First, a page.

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Local filmmaker and producer Kaliko Maiʻi and artist Solomon Enos are collaborating with KS Cultural Specialist Lāiana Kanoa-Wong, community advocate Ikaika Hussey and their families to produce a graphic novel about Kamapuaʻa, the shapeshifting demigod. Above is the book’s conceptual cover. In honor of Hawaiian Language Month, this story is presented in both Hawaiian and English.

Local storytellers share the mo‘olelo of Kamapuaʻa, the shapeshifting demigod

Feb. 23, 2021

  • AUTHORS
  • the KS Hoʻokahua Cultural Vibrancy Group

This mo‘olelo is part of Kūkahekahe – Cultural Conversations – featuring personal experiences and insights from faculty, staff and friends about compelling cultural happenings within the KS organization, throughout the Hawaiian Islands, and across the larger Pacific and global communities.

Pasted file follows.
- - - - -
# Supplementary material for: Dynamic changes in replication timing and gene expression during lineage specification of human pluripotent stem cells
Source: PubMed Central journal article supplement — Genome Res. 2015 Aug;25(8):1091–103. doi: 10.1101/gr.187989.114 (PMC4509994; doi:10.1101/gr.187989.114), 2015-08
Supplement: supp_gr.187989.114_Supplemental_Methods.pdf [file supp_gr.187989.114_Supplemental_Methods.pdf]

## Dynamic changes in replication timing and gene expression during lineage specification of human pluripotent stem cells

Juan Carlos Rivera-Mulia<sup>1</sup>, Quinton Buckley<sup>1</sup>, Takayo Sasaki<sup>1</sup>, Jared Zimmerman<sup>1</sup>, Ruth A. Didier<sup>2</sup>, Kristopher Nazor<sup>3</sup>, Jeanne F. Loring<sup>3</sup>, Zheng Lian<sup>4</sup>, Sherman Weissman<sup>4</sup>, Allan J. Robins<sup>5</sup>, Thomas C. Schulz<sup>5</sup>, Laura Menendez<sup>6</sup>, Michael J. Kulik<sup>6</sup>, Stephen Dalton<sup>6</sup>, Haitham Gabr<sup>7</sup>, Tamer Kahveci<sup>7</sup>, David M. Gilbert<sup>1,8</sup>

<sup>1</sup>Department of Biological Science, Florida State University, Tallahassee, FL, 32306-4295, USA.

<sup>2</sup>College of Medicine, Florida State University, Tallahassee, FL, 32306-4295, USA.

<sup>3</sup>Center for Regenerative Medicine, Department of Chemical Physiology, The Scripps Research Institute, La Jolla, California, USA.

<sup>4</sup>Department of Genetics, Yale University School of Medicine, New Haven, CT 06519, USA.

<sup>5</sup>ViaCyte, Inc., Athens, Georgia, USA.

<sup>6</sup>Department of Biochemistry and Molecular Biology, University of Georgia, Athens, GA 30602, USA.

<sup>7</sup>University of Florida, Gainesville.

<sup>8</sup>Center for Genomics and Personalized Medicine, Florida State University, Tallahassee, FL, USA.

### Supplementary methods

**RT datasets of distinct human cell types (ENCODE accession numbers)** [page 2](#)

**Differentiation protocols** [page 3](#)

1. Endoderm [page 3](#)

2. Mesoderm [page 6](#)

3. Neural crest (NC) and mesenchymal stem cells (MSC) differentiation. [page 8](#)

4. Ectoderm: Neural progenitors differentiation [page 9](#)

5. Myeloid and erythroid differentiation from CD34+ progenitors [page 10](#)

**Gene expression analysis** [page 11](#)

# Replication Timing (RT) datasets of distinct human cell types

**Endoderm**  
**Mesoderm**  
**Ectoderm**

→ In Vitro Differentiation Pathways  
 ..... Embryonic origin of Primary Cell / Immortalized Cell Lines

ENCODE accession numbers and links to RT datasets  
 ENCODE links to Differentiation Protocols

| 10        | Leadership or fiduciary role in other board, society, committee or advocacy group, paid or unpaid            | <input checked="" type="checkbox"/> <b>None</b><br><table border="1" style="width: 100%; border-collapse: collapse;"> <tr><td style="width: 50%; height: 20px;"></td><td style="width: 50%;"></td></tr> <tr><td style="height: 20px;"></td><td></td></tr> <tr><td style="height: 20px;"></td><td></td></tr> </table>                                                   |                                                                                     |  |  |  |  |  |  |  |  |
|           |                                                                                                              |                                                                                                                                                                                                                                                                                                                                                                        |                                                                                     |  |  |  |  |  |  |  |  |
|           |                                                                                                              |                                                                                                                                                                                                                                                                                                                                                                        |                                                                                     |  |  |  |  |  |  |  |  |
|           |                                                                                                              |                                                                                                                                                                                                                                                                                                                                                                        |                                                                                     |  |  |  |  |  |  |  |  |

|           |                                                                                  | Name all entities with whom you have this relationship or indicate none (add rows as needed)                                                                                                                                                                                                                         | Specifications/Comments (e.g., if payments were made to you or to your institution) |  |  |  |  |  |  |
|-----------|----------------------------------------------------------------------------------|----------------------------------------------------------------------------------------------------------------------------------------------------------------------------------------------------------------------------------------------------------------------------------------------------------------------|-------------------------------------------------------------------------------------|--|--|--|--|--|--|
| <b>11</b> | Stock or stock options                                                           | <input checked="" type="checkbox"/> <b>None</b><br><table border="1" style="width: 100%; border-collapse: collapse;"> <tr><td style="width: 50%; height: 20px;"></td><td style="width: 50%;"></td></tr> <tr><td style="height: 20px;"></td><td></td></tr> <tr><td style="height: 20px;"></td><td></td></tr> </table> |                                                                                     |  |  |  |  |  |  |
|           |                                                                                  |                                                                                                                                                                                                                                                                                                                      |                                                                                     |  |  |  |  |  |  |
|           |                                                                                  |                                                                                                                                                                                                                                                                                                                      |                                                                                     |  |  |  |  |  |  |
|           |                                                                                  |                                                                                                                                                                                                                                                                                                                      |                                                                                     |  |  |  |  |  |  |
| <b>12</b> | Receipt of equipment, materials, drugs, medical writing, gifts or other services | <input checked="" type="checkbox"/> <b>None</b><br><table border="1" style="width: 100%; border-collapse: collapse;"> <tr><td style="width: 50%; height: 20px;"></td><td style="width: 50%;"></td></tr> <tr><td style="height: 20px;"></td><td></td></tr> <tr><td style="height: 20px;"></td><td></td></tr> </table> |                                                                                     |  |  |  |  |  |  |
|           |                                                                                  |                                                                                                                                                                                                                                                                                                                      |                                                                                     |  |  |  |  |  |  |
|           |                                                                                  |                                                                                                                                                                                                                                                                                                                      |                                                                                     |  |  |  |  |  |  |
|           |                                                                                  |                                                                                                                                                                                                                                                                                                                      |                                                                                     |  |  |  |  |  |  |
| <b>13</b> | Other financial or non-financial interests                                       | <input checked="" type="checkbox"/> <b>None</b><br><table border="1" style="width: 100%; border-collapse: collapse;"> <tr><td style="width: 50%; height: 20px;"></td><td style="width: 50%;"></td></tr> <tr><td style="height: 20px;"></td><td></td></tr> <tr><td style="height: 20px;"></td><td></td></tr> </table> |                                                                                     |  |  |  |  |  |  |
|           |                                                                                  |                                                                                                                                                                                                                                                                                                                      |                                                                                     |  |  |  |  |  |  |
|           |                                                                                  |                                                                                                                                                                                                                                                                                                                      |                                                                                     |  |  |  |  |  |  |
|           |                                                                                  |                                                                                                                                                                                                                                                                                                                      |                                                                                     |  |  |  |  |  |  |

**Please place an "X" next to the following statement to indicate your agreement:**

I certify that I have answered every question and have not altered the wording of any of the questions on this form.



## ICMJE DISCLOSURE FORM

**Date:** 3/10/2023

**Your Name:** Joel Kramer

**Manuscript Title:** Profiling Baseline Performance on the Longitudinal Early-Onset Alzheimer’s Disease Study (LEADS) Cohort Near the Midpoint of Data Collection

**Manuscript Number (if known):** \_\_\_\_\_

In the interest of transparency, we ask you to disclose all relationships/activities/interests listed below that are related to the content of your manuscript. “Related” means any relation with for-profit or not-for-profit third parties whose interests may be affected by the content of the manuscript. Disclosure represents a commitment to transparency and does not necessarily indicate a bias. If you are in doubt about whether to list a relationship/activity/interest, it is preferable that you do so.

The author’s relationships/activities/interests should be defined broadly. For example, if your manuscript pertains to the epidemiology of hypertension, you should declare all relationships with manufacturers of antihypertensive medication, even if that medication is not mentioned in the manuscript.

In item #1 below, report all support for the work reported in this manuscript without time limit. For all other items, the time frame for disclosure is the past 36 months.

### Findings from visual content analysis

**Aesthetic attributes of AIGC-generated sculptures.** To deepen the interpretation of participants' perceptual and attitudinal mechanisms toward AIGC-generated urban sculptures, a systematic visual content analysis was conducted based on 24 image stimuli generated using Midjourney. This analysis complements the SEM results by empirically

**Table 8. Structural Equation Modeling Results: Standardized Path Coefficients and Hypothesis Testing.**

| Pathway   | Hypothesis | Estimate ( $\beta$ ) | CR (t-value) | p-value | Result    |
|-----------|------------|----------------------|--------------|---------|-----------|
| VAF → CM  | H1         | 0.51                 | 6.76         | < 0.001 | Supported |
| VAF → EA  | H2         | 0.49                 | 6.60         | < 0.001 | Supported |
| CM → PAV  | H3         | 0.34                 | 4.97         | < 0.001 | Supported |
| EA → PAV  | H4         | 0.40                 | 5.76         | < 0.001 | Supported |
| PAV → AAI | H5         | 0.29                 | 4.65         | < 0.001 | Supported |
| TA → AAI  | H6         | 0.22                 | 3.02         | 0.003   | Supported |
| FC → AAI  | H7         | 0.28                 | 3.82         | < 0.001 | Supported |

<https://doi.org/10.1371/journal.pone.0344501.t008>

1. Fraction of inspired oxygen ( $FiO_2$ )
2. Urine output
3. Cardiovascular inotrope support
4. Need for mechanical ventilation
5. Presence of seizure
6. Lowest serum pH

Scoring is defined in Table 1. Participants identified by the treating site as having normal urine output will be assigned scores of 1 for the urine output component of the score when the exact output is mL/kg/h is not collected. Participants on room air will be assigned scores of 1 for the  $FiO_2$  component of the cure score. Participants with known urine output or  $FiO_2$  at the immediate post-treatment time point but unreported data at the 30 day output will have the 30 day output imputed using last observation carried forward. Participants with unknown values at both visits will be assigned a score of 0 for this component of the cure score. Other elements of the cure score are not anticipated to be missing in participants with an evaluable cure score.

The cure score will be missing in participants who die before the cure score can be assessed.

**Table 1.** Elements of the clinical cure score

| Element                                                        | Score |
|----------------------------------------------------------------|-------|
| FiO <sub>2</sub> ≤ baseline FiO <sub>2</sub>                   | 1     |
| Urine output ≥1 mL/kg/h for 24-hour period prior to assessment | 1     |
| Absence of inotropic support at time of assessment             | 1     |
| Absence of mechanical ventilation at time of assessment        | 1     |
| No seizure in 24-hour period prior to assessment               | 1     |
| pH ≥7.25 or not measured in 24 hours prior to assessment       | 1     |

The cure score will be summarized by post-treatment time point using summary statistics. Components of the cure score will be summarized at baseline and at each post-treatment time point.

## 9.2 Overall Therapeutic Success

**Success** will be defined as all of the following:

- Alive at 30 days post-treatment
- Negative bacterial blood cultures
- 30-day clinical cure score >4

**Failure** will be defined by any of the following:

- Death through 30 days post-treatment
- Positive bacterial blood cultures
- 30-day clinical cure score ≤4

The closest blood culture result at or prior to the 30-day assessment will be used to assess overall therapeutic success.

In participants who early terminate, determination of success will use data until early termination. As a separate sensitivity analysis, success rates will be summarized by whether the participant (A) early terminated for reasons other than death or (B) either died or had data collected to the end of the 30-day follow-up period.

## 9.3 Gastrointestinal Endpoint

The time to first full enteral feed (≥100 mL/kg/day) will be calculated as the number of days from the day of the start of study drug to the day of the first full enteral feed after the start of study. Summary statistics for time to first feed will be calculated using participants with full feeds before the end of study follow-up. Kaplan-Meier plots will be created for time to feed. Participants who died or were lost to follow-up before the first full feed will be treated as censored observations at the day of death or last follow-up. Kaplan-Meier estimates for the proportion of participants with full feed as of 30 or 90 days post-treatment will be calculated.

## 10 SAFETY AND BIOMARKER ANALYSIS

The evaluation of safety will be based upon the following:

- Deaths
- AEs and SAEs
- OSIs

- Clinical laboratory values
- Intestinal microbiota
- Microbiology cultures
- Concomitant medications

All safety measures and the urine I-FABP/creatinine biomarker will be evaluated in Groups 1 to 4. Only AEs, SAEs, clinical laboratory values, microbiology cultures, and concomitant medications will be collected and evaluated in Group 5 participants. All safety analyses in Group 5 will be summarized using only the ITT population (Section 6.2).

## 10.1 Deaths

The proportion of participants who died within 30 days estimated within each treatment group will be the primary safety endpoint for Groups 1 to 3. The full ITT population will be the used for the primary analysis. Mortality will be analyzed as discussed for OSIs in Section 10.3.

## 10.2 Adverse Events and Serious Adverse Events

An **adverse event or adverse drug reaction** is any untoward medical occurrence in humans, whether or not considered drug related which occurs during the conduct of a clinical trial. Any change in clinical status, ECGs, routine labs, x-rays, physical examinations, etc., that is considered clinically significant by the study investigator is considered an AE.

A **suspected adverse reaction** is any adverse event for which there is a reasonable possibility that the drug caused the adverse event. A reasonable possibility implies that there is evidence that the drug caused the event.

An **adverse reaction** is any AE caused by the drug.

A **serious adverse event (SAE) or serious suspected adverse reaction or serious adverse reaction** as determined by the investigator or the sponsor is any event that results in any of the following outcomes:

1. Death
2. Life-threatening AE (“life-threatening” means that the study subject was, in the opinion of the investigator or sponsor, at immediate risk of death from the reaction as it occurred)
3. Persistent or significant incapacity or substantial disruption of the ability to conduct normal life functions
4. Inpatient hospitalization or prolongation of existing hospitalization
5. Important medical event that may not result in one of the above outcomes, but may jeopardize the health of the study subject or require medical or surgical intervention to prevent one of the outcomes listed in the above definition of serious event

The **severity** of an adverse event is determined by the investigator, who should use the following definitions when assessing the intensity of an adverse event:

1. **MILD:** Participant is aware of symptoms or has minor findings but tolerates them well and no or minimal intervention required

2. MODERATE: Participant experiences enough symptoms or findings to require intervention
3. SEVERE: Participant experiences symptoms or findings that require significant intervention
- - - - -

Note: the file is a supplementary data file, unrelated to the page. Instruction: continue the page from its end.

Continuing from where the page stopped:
Kau aʻela ke ao puaʻa, nalo ʻo luna o nā Koʻolau. E ʻimi ana nā koa o ke aliʻi o Oʻahu ʻo Olopana, i ke kupuʻeu nāna i hoʻopilikia i kona mau kānaka a me kona mau ʻāina.

ʻO kēia nā kiʻi nani mai loko mai o ka puke kātuna hou no Kamapuaʻa, ke kupua Hawaiʻi. Ma kekahi ʻaoʻao o “Kamapuaʻa and Olopana,” e ʻimi ana nā koa iā Kamapuaʻa i loko o ka ulu lāʻau o Hauʻula a he ‘ōlelo Hawaiʻi kā lākou.

“ʻO kēia ka mana moʻolelo no Kamapuaʻa maiā Kalākaua mai,” i wehewehe mai nei ʻo Kaliko Maiʻi. “ʻO Kamapuaʻa, he hāmeʻe ‘o ia e kono ana i nā kānaka e luʻu a hoʻokamaʻāina i ke ao akua o nā kupua a me nā ʻaumākua.”

“ʻO Kamapuaʻa, ʻaʻohe ona lua ma ka honua nei; kū ‘o ia i ke ʻano o ke kāne, ʻo nā hana maikaʻi a me nā hano ʻino. I kekahi o kona kinolau, ʻewalu mau maka kona: Makawalu ka maopopo pono o ke ʻano o kekahi kanaka. Ma kēia hāmeʻe wale nō hiki ke maopopo pono i ka makaluku ʻana, ka hana kolohe ʻana, ke kipi ʻana, a me ka menemene ʻana.  ʻOi aku ke aloha ʻo Kamapuaʻa no ke ola ma mua o ka mana a me ka noho aupuni, noho akua. I koʻu lā ʻōpio, nānā au i kona mau moʻolelo i mea alakaʻi no ke ola, e like me ka hana a nā kūpuna.”

Ke hoʻolaukaʻi ʻia nei kēia papahana no Kamapuaʻa na Maiʻi, Solomon Enos, Ikaika Hussey, Lāiana Kanoa-Wong, a me kā lākou mau ʻohana, me ka lana o ka manaʻo e lilo ka puke i kiʻi ʻoniʻoni kaha kiʻi ʻia. He makemake ko lākou e paʻi i kekahi puke kamaliʻi a e hana hoʻi i mau wikiō pōkole e pili ana iā Kamapuaʻa.